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Multiple Identities and New Forms of Community

[1:16:42 to End]

The distinction between a community based on unity and one based on communion is addressed in the final segment of the film. Unity too often implies uniformity, while communion suggests the sharing or exchange of thoughts and feelings. Black people, like people everywhere, belong to more than one community and may have communion with many different kinds of people.

  1. Do you believe that "black unity" is an inherently false, restrictive, maybe even oppressive, concept? Discuss the various takes on the idea of black unity presented in the film, for instance, the barber thinks that unity is crucial but Michele Wallace worries that a circle of unity always excludes someone.
  2. For many, Cornel West's statement, "There is no one grand black community," seems to defy common sense. How can you be black yet not be part of one grand black community?
  3. Towards the end of the film, one man looks into the camera and says, "Haven't we had enough of folks telling other folks what's proper, how to talk, who to love, how to dress, wear your hair, eat, drink, pray, make love, dance?" Earlier, Marlon Riggs says, "All black people have to reconcile our differences and get over the notion that you can only be unified as long as everybody agrees." But doesn't the idea of unity by definition imply agreement, aren't all communities built around common values and standards? How can we adopt Riggs' credo without falling prey to an "anything goes" relativism?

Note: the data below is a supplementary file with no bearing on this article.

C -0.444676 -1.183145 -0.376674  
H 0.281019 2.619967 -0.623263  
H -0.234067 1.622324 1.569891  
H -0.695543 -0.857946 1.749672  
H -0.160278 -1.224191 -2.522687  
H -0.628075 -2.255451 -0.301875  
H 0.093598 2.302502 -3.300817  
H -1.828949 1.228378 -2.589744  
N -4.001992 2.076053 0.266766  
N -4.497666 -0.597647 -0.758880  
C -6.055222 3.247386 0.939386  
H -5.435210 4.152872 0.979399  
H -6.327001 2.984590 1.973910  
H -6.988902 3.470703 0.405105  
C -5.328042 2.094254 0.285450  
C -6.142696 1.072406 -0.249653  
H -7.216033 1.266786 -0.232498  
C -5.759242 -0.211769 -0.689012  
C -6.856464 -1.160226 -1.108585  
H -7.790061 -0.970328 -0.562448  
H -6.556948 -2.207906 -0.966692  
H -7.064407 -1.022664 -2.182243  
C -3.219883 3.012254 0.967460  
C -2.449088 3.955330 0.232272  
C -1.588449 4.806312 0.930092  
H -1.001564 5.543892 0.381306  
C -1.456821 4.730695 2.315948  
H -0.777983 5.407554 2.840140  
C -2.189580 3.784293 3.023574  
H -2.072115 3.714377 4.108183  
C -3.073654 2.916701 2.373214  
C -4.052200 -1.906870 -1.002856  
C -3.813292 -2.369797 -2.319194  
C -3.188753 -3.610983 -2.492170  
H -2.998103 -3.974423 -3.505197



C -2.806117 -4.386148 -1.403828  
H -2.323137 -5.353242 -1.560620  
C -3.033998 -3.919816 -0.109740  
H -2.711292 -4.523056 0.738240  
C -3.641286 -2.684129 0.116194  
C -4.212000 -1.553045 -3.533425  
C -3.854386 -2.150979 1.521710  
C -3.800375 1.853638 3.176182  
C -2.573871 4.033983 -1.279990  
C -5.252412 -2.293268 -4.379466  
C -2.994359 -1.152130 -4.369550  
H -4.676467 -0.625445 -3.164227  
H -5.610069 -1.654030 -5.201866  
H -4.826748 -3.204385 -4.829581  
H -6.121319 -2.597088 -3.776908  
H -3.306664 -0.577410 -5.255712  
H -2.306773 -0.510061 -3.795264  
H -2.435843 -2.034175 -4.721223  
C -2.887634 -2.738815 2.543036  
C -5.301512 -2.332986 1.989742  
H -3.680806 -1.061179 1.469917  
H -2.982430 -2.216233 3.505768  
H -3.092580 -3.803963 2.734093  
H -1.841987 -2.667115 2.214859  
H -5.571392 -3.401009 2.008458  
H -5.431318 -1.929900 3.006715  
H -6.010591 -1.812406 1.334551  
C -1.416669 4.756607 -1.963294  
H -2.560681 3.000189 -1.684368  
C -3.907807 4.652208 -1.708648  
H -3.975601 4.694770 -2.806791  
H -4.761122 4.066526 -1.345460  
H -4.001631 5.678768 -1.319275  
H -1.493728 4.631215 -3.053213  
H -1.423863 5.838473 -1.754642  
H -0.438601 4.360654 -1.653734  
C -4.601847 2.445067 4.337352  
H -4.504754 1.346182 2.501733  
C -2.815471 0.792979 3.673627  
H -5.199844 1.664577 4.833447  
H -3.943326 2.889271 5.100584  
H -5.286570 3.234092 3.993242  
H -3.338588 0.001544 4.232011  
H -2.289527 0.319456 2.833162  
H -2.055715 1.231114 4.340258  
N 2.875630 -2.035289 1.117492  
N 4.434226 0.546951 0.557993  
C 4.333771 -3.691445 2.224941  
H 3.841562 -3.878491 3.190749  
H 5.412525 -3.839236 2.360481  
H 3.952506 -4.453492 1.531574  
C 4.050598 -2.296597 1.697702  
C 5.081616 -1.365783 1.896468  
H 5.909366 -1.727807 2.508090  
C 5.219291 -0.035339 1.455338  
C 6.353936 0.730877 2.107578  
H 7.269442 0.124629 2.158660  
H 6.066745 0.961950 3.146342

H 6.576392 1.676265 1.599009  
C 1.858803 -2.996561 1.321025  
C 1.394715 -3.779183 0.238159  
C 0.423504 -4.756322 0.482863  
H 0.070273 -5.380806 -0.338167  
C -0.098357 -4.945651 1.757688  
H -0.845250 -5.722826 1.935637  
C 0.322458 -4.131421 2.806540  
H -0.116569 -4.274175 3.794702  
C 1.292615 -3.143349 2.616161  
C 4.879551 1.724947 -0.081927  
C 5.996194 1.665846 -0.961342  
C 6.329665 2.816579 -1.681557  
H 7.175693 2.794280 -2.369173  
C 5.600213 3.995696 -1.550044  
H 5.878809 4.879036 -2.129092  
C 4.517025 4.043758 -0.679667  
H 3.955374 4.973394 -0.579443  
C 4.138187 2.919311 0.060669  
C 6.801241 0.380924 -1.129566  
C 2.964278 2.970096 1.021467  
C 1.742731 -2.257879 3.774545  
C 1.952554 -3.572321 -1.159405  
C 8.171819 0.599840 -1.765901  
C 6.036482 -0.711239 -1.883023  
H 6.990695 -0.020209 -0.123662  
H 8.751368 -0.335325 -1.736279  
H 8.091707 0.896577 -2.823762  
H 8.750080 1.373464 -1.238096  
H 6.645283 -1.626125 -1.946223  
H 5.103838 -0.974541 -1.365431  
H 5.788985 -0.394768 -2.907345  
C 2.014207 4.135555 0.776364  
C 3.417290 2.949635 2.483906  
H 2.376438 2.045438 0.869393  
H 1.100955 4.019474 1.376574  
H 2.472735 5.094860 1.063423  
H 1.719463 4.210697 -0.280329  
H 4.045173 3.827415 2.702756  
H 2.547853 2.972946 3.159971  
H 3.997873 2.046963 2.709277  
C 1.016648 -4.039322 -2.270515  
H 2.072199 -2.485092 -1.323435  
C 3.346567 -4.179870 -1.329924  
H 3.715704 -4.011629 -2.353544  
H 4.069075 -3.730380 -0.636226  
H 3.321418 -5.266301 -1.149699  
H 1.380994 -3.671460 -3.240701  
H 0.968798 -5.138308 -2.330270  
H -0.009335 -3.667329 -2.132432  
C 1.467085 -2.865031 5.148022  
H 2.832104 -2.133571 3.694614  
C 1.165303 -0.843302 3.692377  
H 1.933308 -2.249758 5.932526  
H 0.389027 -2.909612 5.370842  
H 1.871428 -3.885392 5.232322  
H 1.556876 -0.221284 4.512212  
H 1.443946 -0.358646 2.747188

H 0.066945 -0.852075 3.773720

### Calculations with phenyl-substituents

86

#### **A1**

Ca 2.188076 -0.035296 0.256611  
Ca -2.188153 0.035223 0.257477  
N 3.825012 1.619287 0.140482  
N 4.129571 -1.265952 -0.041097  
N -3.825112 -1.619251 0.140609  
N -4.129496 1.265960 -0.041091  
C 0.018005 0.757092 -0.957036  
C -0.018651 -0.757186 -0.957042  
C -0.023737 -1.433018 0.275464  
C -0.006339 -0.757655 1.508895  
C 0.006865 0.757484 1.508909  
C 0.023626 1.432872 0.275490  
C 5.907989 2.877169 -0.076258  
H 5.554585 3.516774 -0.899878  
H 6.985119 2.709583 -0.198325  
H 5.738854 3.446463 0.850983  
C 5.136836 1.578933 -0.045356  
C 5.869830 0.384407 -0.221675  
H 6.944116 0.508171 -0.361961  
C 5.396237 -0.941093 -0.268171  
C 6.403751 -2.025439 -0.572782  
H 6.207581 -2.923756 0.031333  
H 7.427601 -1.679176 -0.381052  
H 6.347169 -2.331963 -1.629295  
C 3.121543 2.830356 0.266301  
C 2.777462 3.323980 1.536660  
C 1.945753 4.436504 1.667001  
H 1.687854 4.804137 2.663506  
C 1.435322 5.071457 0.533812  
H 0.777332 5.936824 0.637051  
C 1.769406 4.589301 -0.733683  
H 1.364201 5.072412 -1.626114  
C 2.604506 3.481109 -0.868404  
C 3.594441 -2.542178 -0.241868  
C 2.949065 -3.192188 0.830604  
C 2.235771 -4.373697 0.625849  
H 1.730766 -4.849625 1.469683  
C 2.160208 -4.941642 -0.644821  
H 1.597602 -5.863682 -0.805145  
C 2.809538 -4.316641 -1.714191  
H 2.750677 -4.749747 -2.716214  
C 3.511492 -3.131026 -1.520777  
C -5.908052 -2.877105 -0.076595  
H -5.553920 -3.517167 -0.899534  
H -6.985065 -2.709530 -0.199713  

4. bell hooks offers a way out of this dilemma of conformity vs. permissiveness, suggesting a new form of community based not on unity but on "communion." What does she mean? If unity is predicated on agreement, what is communion based on? Does your campus community follow the unity or communion model? What is lost and what is gained if we move away from the goal of black unity toward a vision of black communion?
  5. What does Cornel West mean when he says we all "have multiple identities and that we're moving in and out of various communities at the same time"? List the different communities you belong to. Does your self-identity change when you move from one community to another? If so, how?
  6. How do you think Marlon Riggs identified himself? A gay man with AIDS? A black male? A filmmaker? An activist? Do you think he allowed an identity to be "assigned" to him or did he try to construct an identity unique to himself? To what extent do you believe you're free to invent yourself, and to what extent is your identity fixed, limited by your race, your parents, and history?
  7. The gumbo simmering throughout the film symbolizes the rich diversity among African Americans. But Marlon Riggs does not explicitly identify the "roux" that can bind together the different colors, genders, classes, regions, sexual orientations, etc. of African Americans. Why not? What do you think the ingredients for such a roux might be?

Discussion Questions
Black Is . . . Black Ain't

Introduction: Fighting Words|Black Power = Male Power?|Black Music / Black History / Afrocentrism|Sexism, Patriarchy and Homophobia|Family|Acting White / Not Black Enough?|Multiple Identities and New Forms of Community

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